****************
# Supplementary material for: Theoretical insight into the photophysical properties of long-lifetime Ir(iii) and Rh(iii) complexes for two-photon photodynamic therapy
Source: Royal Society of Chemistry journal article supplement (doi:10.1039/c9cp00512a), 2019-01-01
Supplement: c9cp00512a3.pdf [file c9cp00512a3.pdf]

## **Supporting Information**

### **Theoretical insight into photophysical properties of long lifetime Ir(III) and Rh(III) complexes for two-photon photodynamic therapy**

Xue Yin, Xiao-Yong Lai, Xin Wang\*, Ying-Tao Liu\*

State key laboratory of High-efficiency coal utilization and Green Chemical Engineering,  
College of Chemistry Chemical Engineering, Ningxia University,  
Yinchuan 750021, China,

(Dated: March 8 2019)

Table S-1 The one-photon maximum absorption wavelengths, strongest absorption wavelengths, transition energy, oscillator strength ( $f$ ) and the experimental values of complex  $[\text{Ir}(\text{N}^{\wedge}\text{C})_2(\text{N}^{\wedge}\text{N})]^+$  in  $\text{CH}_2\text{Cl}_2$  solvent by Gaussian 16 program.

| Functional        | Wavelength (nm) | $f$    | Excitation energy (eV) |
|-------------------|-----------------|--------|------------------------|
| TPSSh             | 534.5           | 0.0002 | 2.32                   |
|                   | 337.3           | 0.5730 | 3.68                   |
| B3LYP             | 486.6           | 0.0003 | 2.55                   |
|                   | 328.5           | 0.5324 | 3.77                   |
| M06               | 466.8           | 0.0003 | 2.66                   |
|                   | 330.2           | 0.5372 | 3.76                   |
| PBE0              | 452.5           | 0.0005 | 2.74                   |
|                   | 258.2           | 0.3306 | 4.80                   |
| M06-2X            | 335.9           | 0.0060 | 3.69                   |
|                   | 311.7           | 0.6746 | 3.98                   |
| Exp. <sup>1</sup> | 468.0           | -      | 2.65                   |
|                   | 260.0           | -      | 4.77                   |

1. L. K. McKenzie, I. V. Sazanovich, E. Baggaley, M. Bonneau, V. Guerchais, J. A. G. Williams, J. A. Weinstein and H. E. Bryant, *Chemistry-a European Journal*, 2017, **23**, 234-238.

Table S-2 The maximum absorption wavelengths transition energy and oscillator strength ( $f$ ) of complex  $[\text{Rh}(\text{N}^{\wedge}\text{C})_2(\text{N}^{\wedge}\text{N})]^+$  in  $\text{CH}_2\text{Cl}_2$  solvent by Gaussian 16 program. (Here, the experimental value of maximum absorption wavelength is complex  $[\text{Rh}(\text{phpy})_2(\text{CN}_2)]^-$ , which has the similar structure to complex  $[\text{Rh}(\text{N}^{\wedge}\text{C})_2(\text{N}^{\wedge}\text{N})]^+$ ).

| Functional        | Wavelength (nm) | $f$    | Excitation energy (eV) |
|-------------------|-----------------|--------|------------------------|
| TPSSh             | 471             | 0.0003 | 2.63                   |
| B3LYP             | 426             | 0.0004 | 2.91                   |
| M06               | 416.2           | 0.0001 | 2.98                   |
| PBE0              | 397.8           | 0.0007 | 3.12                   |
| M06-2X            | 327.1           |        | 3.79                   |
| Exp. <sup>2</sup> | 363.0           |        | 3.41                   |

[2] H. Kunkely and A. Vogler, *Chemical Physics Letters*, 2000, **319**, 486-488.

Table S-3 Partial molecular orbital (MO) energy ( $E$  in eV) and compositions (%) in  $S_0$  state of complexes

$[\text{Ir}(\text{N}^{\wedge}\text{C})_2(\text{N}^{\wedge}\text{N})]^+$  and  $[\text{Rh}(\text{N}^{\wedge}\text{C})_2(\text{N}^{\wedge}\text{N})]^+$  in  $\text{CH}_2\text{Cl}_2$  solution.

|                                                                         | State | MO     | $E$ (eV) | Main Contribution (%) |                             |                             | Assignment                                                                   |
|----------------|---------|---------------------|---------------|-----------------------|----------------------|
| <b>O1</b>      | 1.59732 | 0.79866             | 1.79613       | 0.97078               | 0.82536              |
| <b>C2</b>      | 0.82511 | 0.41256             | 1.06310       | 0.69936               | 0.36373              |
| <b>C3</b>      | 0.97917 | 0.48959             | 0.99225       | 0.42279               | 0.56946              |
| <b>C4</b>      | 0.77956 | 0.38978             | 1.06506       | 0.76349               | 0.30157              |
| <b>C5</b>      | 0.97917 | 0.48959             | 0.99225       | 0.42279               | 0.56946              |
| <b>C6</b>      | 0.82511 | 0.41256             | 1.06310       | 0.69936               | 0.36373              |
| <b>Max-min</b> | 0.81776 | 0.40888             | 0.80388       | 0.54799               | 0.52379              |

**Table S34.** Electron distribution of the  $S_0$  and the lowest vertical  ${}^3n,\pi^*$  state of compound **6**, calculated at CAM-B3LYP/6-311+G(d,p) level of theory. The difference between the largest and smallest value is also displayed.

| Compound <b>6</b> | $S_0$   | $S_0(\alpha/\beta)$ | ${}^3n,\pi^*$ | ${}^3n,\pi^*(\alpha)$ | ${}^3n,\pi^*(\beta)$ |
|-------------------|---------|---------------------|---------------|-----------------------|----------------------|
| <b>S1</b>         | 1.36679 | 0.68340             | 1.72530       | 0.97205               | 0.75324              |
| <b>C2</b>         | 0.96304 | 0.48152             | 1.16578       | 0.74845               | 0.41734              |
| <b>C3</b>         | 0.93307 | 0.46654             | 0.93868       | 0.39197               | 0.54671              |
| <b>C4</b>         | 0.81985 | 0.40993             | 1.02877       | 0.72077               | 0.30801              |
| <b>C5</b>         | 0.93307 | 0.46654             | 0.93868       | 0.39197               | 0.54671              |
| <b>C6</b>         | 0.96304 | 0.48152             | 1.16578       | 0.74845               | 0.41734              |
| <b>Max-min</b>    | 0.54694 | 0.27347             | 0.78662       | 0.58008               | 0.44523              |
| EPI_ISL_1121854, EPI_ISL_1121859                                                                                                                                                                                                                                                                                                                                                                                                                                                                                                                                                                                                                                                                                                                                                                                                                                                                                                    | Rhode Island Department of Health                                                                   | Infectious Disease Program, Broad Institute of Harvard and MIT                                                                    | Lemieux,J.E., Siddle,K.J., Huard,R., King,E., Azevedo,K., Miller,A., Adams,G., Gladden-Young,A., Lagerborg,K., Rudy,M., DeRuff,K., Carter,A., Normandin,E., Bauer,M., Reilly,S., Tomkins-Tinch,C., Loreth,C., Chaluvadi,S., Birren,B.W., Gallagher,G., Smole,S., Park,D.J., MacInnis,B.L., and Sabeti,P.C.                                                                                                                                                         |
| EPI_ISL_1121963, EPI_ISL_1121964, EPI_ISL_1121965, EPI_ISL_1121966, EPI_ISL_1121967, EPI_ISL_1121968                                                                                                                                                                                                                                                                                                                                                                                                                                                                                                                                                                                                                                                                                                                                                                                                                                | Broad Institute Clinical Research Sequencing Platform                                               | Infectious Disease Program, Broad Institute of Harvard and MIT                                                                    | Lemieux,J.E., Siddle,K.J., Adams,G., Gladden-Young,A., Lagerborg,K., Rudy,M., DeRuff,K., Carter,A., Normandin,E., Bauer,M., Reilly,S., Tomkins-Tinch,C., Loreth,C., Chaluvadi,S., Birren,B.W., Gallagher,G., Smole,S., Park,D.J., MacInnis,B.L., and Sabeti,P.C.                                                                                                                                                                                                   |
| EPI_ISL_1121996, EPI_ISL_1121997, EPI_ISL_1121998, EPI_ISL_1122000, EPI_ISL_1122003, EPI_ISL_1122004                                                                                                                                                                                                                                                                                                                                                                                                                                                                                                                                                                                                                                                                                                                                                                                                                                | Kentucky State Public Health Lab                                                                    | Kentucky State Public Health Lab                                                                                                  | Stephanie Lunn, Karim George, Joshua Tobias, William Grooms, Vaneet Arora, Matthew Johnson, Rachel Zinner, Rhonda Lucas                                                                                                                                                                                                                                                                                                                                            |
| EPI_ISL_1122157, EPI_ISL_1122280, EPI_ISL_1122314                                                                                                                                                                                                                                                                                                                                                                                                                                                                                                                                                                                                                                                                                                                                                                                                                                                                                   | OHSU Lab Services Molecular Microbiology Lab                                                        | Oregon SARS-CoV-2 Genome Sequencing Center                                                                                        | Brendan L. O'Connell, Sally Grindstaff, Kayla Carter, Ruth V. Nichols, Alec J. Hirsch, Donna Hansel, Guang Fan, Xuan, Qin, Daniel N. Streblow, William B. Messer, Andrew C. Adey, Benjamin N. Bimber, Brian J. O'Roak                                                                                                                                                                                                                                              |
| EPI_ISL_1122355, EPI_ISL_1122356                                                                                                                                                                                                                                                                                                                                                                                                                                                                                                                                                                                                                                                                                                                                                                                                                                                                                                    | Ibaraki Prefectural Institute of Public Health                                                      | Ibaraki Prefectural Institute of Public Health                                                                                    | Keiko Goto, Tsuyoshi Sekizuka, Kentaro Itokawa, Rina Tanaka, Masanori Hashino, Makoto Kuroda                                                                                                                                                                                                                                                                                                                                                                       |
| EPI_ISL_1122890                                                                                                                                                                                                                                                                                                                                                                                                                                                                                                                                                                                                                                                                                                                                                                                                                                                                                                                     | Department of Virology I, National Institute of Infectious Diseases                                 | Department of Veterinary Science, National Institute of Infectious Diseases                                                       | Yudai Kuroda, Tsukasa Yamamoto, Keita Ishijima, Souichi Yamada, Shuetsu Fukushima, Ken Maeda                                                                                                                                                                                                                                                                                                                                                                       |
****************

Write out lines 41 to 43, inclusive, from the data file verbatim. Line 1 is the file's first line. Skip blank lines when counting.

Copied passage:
| <b>O1</b>      | 1.59732 | 0.79866             | 1.79613       | 0.97078               | 0.82536              |
| <b>C2</b>      | 0.82511 | 0.41256             | 1.06310       | 0.69936               | 0.36373              |
| <b>C3</b>      | 0.97917 | 0.48959             | 0.99225       | 0.42279               | 0.56946              |